The Internet and its communications technologies are allowing us to work from home in the midst of this pandemic, to stay in touch with each other and “shelter in place” in ways that simply wouldn’t have been possible even 10 years ago.
But like most technological advances, it’s become a veritable Sword of Damocles. It has developed so quickly that we simply haven’t had time to adapt completely to what it makes possible. That’s particularly true, perhaps generationally, in the way authoritative voices communicate accurate and actionable information. And that’s causing all sorts of stupid behavior right now.
Renée DiResta writes about what is happening and the implications:
Health Experts Don’t Understand How Information Moves – The Atlantic:
All too often, the people responsible for protecting the public do not appear to understand how information moves in the internet era. Meanwhile, people who best understand what content is likely to go viral are using that knowledge to mislead.
[…]The feed abhors a vacuum. But in many cases, algorithms have little or no authoritative content to push to users—because experts haven’t bothered to produce any, or because what they have produced simply isn’t compelling to the average social-media user. Their work is locked in journals, while bloggers produce search-engine-optimized, Pinterest-ready posts offering up their personal viewpoint as medical fact. And with COVID-19, as in past outbreaks, anti-vaxxers and related influencers with a tenuous hold on reality jumped on the emerging topic early, posting repeatedly about synthetic-virus and mass-vaccination plots ostensibly hatched by Bill Gates and Big Pharma.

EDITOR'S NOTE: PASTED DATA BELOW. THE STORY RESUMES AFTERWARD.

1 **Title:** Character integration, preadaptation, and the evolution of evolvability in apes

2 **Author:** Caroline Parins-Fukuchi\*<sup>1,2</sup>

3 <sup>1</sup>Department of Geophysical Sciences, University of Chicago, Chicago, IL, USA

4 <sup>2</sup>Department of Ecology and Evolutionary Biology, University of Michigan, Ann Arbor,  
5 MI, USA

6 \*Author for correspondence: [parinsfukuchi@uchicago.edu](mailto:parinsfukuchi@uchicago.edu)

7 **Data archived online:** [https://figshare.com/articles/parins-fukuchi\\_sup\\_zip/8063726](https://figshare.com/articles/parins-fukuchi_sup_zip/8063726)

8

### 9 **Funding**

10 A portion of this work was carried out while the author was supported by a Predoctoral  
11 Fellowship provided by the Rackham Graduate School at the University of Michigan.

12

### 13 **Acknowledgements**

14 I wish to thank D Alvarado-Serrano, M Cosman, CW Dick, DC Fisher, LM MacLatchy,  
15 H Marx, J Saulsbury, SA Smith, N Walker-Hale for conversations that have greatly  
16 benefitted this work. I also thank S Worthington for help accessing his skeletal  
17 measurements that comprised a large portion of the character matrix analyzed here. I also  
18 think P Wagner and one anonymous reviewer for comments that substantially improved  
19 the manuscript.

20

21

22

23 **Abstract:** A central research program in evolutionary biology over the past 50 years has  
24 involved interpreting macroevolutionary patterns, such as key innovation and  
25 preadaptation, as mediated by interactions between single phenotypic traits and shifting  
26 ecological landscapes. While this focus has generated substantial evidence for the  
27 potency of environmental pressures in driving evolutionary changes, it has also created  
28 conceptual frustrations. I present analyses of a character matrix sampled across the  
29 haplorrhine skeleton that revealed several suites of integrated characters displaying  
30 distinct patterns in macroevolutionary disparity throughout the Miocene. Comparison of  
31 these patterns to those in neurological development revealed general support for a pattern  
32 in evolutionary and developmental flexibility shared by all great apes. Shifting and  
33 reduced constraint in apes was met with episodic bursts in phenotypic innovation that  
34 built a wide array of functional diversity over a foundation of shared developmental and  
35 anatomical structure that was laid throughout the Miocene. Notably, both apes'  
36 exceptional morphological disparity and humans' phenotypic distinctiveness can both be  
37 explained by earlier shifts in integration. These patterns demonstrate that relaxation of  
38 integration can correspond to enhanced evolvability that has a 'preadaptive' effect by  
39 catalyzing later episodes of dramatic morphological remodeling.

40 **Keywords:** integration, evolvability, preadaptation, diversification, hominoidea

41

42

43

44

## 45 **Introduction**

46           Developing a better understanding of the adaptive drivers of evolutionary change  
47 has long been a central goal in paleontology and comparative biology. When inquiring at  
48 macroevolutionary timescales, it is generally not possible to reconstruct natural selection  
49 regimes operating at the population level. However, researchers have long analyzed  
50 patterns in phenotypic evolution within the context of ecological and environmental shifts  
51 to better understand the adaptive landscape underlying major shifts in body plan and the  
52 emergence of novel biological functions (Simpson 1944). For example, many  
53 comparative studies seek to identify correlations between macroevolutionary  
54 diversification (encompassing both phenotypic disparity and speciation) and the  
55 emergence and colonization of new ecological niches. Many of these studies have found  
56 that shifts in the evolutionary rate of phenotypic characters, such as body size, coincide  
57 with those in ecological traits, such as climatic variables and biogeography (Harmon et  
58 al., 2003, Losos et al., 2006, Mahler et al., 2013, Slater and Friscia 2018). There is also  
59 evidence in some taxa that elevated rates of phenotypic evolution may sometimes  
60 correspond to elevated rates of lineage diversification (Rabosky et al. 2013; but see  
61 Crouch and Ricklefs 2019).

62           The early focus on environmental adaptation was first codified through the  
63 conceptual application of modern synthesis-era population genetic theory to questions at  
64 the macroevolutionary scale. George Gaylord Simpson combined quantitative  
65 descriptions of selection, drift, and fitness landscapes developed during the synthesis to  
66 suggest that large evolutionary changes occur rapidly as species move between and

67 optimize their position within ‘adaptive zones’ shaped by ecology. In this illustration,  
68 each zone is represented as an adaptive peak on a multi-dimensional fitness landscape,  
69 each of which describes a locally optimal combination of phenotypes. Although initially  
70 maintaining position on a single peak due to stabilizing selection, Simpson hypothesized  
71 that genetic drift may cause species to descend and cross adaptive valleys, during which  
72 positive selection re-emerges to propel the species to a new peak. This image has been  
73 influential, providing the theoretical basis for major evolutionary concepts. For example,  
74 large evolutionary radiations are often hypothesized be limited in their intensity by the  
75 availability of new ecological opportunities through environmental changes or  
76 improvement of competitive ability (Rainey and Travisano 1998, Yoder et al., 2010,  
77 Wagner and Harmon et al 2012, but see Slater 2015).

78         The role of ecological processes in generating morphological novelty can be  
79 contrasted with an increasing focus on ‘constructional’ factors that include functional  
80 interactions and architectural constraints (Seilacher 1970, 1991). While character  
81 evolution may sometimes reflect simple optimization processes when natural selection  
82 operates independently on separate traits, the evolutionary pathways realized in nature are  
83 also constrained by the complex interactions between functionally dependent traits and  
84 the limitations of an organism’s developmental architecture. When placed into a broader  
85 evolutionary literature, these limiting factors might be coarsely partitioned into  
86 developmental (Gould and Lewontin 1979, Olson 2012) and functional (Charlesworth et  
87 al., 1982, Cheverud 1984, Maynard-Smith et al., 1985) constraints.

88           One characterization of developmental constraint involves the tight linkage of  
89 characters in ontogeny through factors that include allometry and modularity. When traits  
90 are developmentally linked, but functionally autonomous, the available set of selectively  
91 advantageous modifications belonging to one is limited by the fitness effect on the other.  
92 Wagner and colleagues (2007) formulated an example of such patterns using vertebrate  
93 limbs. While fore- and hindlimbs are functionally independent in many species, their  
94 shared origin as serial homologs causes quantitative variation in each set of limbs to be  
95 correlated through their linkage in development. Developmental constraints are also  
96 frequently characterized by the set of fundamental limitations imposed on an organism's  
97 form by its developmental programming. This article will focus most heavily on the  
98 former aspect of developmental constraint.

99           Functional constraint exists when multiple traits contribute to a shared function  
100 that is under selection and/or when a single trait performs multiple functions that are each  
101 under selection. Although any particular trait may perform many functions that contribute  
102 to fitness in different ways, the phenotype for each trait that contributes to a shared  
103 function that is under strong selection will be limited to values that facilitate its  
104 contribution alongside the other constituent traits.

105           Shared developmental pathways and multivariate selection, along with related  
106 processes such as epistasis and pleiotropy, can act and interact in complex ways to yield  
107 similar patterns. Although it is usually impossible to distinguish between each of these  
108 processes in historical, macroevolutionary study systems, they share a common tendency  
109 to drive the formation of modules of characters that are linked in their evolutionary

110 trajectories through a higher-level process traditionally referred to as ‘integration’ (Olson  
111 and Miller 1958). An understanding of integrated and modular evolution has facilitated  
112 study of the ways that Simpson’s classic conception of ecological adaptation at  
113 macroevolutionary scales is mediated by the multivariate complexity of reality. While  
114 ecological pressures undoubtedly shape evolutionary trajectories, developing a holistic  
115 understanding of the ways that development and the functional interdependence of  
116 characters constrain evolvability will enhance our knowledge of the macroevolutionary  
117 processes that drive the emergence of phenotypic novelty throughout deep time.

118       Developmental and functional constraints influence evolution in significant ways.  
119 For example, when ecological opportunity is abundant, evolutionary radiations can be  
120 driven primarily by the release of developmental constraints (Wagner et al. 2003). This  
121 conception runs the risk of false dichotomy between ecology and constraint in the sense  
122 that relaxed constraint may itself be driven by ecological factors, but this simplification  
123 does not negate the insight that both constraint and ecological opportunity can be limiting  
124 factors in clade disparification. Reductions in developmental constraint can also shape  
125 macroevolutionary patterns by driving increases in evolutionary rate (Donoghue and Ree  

My doctor has a coffee mug prominently displayed in his office – in such a way that patients see it right in front of their face when the sit down to talk with him. It says “Please Do Not Confuse Your Google Search With My Medical Degree”. You can buy your own on Google. I’m guessing it’s kinda popular. And as a person who often looks up things on the web when I have a medical question – because it’s easier and cheaper than speaking with a doctor – I take the point.
Over the years this will sort itself out. Probably. Younger researchers are putting their work online right away now on pre-pub servers like ArXiv or bioRxiv. And that’s great because it gets the work out where people can see it. But it’s a challenge as well because those papers haven’t been reviewed yet, they are on occasion withdrawn because they are wrong, or occasionally, someone is doing mischief. (Like posting falsified data that claims a particular drug is more effective than it is – and thus causing investors to buy stock in a company…) Once the papers have been properly vetted by peer review, they are published in very-expensive-to-access journals that most of us can’t access. And so we see the new and the novel, not the vetted and accurate information.
See the issue?
DiResta’s article lays out the particular challenges that this liminal moment in publishing is causing as we respond to a once in a century global health challenge – and points out how the adolescent mindset of Twitter (which can’t abide error or a scent of hypocrisy) is throwing gas on the fire.
Media literacy is incredibly important right now. Honest to God Journalists are critical to our survival right now. (Because they’re trained to verify and contextualize information before they share it.) Maybe we all need to step away from getting our news from random voices on Social Media and go back to people who have the training and the access to properly vet things.
It would keep people from showing up in Pizza Shops with rifles in the midst of an election somehow thinking that the candidates were “lizard people” running a child sex ring… Or keep people from drinking bleach to cure a virus. Or stop people from lighting 5G cell towers on fire thinking that will stop the virus from spreading. Or…
Seriously. Listen to people who are trained to ignore the nonsense that the algorithms are throwing in our faces. It will be deadly to us and others if we don’t.